Comparison of image processing techniques for nonviable tissue quantification in late gadolinium enhancement cardiac magnetic resonance images

M. Chiara Carminati, Cinzia Boniotti, Laura Fusini, Daniele Andreini, Gianluca Pontone, Mauro Pepi, Enrico G. Caiani

Research output: Contribution to journalArticle

Abstract

Purpose: The aim of this study was to compare the performance of quantitative methods, either semiautomated or automated, for left ventricular (LV) nonviable tissue analysis from cardiac magnetic resonance late gadolinium enhancement (CMR-LGE) images. Materials and Methods: The investigated segmentation techniques were: (i) n-standard deviations thresholding; (ii) full width at half maximum thresholding; (iii) Gaussian mixture model classification; and (iv) fuzzy c-means clustering. These algorithms were applied either in each short axis slice (single-slice approach) or globally considering the entire short-axis stack covering the LV (global approach). CMR-LGE images from 20 patients with ischemic cardiomyopathy were retrospectively selected, and results from each technique were assessed against manual tracing. Results: All methods provided comparable performance in terms of accuracy in scar detection, computation of local transmurality, and high correlation in scar mass compared with the manual technique. In general, no significant difference between single-slice and global approach was noted. The reproducibility of manual and investigated techniques was confirmed in all cases with slightly lower results for the nSD approach. Conclusions: Automated techniques resulted in accurate and reproducible evaluation of LV scars from CMR-LGE in ischemic patients with performance similar to the manual technique. Their application could minimize user interaction and computational time, even when compared with semiautomated approaches.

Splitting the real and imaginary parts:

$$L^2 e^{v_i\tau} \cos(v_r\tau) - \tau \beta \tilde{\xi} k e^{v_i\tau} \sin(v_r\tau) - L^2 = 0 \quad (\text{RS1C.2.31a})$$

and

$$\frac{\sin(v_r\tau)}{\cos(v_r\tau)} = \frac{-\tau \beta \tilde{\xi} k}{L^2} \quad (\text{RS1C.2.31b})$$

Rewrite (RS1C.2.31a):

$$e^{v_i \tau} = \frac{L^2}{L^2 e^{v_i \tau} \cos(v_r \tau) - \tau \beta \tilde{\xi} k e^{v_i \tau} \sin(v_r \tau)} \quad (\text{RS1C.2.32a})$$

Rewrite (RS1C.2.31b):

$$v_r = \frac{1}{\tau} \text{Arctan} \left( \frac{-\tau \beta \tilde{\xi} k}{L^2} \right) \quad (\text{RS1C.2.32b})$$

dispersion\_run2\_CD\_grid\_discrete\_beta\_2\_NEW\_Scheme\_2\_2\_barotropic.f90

Original languageEnglish
Pages (from-to)168-176
Number of pages9
JournalJournal of Thoracic Imaging
Volume31
Issue number3
DOIs
Publication statusPublished - 2016

Keywords

  • Cardiac imaging techniques
  • Computerassisted
  • Image processing
  • Magnetic resonance imaging
  • Myocardial infarction

ASJC Scopus subject areas

  • Radiology Nuclear Medicine and imaging
  • Pulmonary and Respiratory Medicine

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